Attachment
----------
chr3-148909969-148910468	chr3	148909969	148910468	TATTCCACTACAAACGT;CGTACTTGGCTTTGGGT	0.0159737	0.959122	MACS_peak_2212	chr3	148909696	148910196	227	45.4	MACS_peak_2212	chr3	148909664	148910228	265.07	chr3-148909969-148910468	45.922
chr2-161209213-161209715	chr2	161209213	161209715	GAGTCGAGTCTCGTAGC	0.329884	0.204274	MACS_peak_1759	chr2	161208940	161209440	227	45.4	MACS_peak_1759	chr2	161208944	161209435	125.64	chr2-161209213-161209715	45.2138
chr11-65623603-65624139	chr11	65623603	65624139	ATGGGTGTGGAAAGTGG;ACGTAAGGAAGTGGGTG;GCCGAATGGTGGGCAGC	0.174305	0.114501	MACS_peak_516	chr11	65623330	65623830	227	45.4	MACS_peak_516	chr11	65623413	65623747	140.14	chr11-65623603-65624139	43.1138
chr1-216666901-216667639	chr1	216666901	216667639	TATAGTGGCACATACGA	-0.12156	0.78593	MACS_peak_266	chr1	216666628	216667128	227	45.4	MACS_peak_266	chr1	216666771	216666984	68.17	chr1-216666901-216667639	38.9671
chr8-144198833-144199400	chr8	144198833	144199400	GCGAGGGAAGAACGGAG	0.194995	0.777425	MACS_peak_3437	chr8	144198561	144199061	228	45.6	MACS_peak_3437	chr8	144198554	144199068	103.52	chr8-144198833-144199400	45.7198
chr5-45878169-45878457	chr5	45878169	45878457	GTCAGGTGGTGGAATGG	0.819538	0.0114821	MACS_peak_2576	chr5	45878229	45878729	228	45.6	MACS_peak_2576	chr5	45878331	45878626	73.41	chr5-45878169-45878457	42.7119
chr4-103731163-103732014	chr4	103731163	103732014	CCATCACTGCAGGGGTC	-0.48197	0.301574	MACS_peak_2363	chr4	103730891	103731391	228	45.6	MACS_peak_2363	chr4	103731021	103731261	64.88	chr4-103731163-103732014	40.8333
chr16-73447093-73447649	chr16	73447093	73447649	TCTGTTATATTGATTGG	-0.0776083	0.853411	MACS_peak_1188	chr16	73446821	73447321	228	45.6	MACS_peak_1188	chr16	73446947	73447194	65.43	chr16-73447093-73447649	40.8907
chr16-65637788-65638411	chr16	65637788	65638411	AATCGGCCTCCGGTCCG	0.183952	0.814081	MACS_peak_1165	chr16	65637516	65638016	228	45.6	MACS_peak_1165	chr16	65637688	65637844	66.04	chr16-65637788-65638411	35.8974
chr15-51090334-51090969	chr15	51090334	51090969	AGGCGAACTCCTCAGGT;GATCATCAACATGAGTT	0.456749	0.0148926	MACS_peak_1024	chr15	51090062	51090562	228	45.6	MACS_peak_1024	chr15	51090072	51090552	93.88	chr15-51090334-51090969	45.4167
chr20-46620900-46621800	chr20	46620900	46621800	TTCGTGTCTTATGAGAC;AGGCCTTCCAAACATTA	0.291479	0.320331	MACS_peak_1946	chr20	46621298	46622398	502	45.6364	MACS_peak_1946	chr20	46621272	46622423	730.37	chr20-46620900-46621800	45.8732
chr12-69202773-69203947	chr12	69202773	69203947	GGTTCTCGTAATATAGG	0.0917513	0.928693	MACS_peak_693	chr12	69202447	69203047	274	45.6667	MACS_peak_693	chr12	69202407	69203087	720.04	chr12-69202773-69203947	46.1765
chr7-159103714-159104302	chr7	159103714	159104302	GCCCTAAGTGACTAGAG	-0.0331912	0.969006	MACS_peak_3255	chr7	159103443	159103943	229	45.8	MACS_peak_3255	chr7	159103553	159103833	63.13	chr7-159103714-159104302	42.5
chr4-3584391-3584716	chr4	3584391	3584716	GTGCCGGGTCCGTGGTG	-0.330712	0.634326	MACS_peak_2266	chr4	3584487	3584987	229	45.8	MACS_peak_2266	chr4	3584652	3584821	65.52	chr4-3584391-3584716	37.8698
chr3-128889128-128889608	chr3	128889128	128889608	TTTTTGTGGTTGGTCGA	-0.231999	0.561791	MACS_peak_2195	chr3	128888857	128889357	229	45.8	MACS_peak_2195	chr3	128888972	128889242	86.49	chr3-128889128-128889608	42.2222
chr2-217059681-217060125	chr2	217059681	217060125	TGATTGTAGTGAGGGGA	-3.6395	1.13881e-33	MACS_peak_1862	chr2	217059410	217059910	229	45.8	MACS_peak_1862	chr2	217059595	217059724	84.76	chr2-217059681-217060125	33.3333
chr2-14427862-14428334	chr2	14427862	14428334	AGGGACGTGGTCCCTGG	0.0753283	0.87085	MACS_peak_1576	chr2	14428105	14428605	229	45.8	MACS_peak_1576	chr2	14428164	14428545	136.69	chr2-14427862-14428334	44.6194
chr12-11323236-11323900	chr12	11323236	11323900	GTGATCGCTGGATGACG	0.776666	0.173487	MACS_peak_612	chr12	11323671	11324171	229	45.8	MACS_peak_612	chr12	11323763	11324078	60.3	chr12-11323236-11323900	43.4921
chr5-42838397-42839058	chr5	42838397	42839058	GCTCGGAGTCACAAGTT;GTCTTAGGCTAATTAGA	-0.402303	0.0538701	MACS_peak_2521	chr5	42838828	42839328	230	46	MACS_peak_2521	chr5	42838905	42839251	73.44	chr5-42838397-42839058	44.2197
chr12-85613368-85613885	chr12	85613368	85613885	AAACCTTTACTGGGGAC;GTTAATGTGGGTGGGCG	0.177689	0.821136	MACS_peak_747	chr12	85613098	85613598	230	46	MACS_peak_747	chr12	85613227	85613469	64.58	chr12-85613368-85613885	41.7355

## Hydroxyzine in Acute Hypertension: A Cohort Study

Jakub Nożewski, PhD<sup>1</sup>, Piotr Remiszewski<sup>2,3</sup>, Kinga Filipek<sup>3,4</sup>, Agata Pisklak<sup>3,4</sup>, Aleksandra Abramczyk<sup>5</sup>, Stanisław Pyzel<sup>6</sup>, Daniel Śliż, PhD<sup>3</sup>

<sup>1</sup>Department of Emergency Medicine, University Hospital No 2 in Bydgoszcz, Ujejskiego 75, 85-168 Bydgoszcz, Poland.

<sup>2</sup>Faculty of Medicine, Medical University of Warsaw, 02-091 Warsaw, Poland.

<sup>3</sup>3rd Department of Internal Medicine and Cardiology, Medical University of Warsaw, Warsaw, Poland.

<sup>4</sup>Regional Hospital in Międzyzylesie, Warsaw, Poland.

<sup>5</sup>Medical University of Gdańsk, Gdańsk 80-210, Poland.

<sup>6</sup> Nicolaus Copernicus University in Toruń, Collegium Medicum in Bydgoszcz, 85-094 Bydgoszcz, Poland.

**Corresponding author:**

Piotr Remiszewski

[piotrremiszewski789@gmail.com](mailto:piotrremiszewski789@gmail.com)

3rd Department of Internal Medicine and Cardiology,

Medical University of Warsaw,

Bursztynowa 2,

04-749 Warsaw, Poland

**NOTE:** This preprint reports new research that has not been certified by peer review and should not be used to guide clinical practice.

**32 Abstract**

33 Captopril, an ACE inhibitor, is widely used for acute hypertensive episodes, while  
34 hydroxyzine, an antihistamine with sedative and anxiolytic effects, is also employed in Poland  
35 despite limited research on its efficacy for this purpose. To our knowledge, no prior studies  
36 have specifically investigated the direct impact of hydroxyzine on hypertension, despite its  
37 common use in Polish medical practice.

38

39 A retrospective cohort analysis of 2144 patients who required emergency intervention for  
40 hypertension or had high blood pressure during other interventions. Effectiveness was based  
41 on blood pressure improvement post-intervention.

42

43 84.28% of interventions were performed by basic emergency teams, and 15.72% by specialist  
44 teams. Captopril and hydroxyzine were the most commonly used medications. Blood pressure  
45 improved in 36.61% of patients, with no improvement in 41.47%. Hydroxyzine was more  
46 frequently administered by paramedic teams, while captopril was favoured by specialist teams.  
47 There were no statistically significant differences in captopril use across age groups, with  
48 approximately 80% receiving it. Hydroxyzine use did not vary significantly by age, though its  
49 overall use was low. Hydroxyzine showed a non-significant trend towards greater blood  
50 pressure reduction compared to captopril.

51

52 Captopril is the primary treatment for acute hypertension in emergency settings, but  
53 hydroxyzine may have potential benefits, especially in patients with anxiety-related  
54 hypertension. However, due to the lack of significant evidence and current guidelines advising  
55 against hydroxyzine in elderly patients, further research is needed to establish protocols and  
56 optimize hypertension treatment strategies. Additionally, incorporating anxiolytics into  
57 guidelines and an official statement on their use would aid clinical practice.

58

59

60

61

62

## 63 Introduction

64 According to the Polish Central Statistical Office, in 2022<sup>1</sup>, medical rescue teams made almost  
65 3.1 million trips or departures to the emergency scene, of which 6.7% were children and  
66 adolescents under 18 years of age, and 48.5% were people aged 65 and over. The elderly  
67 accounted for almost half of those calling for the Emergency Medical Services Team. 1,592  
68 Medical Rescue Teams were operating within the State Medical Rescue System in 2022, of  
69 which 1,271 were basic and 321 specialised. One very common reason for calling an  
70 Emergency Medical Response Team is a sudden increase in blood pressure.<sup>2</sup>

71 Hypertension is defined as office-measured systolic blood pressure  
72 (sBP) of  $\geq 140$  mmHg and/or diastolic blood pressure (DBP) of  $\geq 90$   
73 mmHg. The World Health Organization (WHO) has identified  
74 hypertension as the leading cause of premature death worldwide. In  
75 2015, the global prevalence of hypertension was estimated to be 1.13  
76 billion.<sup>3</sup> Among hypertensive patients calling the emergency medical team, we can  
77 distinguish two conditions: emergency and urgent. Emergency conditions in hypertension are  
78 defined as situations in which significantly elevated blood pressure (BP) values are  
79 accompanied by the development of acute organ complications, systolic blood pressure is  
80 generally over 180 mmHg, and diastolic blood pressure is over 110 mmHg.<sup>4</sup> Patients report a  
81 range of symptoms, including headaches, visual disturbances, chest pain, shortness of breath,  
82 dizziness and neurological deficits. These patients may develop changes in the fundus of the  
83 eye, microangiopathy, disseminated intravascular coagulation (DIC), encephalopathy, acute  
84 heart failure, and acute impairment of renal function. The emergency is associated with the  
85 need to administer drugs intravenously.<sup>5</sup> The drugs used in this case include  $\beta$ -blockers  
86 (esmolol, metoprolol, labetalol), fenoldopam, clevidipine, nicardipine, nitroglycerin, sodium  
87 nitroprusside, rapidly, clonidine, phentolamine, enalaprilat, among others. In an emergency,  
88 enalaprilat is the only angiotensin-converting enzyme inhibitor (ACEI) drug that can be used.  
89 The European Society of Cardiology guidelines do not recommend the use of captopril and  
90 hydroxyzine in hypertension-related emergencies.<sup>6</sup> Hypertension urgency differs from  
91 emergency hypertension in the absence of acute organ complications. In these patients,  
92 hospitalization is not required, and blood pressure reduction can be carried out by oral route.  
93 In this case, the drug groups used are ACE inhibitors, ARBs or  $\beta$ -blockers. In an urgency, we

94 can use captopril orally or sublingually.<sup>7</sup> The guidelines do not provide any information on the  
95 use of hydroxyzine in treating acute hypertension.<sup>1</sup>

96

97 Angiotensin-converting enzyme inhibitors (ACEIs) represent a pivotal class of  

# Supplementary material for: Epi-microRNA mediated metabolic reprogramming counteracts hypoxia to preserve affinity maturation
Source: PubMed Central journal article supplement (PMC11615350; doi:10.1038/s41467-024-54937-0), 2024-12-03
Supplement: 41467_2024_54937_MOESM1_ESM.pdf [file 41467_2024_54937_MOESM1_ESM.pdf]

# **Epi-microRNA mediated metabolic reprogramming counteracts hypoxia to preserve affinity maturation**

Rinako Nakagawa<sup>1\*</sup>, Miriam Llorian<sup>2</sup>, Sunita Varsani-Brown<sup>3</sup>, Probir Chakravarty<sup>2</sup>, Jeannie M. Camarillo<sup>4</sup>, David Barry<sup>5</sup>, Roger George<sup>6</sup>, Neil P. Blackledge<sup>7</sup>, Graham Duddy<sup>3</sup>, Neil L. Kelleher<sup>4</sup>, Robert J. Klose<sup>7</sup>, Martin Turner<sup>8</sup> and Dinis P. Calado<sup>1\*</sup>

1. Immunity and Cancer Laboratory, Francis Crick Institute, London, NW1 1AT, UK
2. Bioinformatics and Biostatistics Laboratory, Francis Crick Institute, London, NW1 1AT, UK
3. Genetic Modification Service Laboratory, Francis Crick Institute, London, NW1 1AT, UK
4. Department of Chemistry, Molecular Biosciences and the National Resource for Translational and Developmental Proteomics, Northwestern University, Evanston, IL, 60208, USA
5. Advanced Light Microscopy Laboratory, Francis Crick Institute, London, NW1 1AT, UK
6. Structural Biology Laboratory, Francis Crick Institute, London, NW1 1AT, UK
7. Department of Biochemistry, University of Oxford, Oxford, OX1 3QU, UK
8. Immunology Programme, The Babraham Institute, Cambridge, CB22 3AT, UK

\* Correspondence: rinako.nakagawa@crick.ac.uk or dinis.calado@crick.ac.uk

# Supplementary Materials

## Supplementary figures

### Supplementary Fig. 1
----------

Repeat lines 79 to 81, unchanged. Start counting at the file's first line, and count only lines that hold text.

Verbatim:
74 hypertension as the leading cause of premature death worldwide. In  
75 2015, the global prevalence of hypertension was estimated to be 1.13  
76 billion.<sup>3</sup> Among hypertensive patients calling the emergency medical team, we can  